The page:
With little fanfare, Bagram Air Base was handed over to the Afghan government, ending nearly two decades in which the Americans waged war from there.
KABUL, Afghanistan—American troops and their Western allies have departed Bagram, Afghanistan’s largest air base, officials said on Friday, turning over to the Afghan government the sprawling outpost from which the United States waged war for nearly two decades.
With little fanfare and no public ceremony, American troops left the base on Thursday night, U.S. and Afghan officials said.
The Afghan military “will protect the base and use it to combat terrorism,” said Fawad Aman, a spokesman for Afghanistan’s Ministry of Defense.
The closure of Bagram, a symbol of America’s costly operations in Afghanistan, comes just weeks before the planned withdrawal of U.S. troops, who entered the country in the wake of the Sept. 11, 2001, terror attacks.
The U.S. will leave a contingent of 650 troops to protect the United States Embassy in Kabul, the capital.
The departure comes at a perilous time for Afghanistan.
Some U.S. intelligence estimates predict that the Afghan government could fall to its rivals, the Taliban, in as little as six months after the Americans complete their withdrawal. The Taliban are inching closer to Kabul after having taken about a quarter of the country’s districts in the last two months.
Hundreds if not thousands of members of the Afghan security forces have surrendered in recent weeks, while their counterattacks have taken back little territory from the Taliban. And as the Afghan forces fracture, regional militias have appeared with renewed prominence, in an echo of the 1990s civil war.
“Civil war is certainly a path that can be visualized,” the top U.S. commander in Afghanistan, Gen. Austin S. Miller, told reporters on Tuesday. Though the last 40 years of conflict in Afghanistan could be seen as civil war, a return to the fractious era of warlords and armed fiefdoms has long been feared.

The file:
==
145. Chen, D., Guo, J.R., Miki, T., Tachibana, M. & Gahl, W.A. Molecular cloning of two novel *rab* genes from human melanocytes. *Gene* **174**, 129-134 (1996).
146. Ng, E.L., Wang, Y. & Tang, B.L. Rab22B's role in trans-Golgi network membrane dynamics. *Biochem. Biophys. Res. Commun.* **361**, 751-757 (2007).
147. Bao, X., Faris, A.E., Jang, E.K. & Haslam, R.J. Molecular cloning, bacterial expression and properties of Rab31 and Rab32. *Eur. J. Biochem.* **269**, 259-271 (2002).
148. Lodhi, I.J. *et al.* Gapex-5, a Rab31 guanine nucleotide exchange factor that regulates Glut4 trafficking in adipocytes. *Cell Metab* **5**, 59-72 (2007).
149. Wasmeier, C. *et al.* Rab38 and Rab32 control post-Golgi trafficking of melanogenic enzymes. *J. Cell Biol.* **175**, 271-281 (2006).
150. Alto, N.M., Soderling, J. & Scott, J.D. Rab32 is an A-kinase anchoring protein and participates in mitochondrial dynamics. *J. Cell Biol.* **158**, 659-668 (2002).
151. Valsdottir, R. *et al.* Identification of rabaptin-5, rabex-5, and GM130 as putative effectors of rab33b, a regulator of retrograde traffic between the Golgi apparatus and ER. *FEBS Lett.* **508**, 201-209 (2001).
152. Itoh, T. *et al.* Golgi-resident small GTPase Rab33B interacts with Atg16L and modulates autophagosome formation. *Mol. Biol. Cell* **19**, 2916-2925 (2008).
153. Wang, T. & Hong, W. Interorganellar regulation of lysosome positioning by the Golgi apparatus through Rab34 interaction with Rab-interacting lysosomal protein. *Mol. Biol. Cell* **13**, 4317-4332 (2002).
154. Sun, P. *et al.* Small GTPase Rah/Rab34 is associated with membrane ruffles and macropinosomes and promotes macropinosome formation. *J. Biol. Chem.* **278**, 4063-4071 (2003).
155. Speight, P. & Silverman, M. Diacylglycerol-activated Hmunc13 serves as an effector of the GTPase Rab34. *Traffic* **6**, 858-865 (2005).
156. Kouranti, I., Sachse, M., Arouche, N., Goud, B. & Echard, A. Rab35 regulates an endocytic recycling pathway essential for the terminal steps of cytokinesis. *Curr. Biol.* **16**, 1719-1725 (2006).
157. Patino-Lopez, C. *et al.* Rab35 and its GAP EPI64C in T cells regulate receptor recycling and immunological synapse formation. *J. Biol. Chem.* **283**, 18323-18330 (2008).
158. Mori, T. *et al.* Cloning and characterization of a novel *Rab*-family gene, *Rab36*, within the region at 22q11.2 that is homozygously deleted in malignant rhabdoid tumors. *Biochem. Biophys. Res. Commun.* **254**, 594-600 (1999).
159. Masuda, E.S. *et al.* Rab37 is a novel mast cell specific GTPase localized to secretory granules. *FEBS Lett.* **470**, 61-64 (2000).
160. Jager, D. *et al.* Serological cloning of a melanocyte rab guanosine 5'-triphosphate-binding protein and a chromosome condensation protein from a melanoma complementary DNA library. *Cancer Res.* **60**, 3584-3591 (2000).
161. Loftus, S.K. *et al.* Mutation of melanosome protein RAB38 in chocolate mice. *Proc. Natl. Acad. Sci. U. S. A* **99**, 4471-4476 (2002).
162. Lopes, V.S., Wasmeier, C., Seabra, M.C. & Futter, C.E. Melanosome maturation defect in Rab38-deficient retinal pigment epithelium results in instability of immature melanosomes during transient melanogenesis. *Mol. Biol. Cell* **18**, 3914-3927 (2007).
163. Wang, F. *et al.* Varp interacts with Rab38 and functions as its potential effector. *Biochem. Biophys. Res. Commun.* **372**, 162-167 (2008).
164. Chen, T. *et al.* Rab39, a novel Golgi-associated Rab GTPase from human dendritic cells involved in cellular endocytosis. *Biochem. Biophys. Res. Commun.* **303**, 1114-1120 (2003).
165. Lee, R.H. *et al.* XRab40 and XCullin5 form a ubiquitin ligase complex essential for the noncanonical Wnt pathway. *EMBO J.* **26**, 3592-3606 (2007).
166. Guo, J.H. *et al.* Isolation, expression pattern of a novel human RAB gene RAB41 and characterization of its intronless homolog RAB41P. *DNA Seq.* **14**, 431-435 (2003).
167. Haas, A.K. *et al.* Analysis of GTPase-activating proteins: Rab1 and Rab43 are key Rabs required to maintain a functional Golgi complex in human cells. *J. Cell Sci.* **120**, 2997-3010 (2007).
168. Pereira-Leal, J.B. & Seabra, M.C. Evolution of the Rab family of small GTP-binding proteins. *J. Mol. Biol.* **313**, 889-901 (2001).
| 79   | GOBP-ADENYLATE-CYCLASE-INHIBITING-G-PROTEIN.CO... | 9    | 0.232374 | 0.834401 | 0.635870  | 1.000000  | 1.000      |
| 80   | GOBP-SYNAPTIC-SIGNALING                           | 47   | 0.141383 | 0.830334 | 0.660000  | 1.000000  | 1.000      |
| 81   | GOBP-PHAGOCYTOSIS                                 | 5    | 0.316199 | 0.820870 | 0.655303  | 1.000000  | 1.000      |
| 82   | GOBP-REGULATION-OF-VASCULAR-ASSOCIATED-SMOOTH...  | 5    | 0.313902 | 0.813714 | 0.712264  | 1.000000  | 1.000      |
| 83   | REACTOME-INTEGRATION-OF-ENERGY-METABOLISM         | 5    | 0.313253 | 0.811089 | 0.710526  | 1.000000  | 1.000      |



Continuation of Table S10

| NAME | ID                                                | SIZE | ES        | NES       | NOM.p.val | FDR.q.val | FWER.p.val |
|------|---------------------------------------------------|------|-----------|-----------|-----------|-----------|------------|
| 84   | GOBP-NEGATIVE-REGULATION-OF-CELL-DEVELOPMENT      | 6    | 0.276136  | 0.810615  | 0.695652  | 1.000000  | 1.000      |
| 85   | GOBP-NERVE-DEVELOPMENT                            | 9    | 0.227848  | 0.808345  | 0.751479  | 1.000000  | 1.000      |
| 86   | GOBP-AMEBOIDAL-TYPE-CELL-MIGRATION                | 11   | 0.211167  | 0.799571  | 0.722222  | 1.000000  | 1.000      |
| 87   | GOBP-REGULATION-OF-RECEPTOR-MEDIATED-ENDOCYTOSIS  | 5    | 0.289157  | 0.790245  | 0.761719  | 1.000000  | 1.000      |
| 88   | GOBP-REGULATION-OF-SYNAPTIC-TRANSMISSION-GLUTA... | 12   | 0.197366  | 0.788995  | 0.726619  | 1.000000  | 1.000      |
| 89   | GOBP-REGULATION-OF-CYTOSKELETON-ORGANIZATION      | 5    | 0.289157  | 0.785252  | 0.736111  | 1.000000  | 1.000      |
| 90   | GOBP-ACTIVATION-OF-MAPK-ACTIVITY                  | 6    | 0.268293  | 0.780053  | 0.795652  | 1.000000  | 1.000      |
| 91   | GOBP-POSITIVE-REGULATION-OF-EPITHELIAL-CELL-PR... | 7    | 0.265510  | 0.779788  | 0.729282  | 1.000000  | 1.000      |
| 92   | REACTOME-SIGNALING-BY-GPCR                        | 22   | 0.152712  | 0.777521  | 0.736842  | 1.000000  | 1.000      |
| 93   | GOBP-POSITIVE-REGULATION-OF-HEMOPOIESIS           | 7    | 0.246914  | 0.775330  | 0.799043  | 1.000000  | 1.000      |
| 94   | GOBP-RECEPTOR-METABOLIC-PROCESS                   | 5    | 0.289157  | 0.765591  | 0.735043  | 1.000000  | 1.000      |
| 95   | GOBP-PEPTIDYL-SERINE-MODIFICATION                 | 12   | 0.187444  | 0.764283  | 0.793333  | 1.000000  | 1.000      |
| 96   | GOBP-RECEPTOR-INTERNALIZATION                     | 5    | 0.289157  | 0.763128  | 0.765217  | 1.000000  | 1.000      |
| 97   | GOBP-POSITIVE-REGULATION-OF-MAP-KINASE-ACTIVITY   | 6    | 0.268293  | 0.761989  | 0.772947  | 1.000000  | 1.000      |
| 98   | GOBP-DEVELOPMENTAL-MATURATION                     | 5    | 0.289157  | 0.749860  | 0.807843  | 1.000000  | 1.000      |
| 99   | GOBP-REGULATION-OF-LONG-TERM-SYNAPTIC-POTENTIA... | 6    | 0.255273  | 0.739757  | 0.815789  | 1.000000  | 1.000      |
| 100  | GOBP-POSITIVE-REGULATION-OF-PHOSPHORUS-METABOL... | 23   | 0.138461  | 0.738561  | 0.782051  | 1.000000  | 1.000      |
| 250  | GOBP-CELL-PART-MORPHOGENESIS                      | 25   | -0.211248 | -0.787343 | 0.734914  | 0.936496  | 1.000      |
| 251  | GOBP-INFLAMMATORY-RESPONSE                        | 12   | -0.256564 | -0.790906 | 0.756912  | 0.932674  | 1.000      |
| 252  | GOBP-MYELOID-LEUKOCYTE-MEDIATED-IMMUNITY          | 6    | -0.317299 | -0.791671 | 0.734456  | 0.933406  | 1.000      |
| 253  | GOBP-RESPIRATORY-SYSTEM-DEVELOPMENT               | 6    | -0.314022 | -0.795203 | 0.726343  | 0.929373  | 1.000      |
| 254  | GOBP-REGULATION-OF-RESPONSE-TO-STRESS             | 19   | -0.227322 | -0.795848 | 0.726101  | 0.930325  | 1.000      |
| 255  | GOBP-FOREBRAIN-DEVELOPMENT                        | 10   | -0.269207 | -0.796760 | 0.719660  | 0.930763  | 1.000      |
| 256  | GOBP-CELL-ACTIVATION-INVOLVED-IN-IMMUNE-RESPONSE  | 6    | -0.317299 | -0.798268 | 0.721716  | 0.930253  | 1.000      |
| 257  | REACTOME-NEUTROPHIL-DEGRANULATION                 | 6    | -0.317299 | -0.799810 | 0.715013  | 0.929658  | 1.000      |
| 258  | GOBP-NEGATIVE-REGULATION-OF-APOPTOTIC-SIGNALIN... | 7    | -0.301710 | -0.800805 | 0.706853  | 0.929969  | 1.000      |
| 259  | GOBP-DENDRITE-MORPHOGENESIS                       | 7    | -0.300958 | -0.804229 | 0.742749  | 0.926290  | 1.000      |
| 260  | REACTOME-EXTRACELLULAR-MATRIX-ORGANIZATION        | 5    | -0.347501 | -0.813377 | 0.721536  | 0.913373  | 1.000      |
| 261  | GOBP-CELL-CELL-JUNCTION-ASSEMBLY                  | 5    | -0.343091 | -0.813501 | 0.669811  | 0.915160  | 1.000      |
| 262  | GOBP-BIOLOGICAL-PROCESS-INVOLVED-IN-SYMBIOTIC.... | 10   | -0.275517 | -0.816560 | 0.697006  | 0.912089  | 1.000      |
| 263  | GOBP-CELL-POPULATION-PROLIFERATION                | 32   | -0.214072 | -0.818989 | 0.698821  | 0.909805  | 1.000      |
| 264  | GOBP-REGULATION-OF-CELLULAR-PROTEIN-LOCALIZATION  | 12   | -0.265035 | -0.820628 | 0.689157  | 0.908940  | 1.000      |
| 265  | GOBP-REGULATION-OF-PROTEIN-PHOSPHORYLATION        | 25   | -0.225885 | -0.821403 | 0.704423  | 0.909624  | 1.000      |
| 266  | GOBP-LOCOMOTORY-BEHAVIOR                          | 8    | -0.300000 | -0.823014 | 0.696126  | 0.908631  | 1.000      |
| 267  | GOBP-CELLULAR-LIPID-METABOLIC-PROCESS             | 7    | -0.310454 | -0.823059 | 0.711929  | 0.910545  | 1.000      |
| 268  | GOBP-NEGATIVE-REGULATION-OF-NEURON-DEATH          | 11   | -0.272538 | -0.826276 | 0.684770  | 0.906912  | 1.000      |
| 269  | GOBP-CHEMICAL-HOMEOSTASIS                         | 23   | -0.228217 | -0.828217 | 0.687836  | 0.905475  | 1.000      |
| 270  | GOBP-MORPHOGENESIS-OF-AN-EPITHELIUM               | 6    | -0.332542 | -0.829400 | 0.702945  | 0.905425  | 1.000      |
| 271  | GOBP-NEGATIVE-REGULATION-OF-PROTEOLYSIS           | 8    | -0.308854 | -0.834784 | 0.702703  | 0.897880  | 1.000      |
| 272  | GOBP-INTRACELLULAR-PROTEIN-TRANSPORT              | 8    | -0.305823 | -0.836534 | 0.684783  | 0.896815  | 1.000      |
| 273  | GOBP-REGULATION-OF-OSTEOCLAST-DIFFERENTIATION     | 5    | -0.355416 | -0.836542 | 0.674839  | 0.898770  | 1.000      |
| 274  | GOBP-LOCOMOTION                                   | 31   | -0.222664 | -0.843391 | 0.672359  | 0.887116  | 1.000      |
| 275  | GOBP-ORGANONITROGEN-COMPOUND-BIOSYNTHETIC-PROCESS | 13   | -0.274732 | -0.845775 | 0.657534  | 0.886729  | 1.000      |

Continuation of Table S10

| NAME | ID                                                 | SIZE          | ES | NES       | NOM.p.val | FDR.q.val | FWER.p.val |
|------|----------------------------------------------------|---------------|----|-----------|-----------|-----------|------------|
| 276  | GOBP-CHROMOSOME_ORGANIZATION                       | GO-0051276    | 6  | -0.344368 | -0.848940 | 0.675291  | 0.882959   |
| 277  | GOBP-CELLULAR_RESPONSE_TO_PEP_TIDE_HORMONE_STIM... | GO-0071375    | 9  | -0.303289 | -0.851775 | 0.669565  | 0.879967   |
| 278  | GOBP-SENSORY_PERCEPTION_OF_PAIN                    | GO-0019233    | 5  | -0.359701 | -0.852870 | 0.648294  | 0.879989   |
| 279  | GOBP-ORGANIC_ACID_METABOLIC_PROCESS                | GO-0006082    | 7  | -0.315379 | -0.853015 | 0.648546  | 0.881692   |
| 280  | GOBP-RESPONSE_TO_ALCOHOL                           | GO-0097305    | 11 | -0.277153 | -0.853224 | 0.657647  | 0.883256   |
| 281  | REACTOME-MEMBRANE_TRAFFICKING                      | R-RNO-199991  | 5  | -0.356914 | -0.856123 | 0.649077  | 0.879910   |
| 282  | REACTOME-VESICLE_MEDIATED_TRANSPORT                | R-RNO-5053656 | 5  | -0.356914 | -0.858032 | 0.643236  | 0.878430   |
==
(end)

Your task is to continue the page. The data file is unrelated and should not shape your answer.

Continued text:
With a line of snow-capped mountains as its backdrop, the Bagram airfield was built in the 1950s by the Soviet Union. It became a vital military hub during the Soviets’ 10-year occupation of Afghanistan. After the Soviets withdrew in 1989, the Taliban and what was known as the Northern Alliance fought for the base, sometimes with their trenches at either end.
By 2001, the United States had inherited rubble at the Bagram site. In January 2002, when the first American service member killed by enemy fire, Sgt. 1st Class Nathan R. Chapman, was sent home, there were no American flags to drape on his casket, so a flag patch from someone’s uniform had to suffice.
By 2011, at the height of the American war, the base had ballooned into a small city, with two runaways, tens of thousands of occupants, shops and a U.S. military prison that became notorious for its use as a C.I.A. black site.
Author: Thomas Gibbons-Neff
This post originally appeared on NYT > Top Stories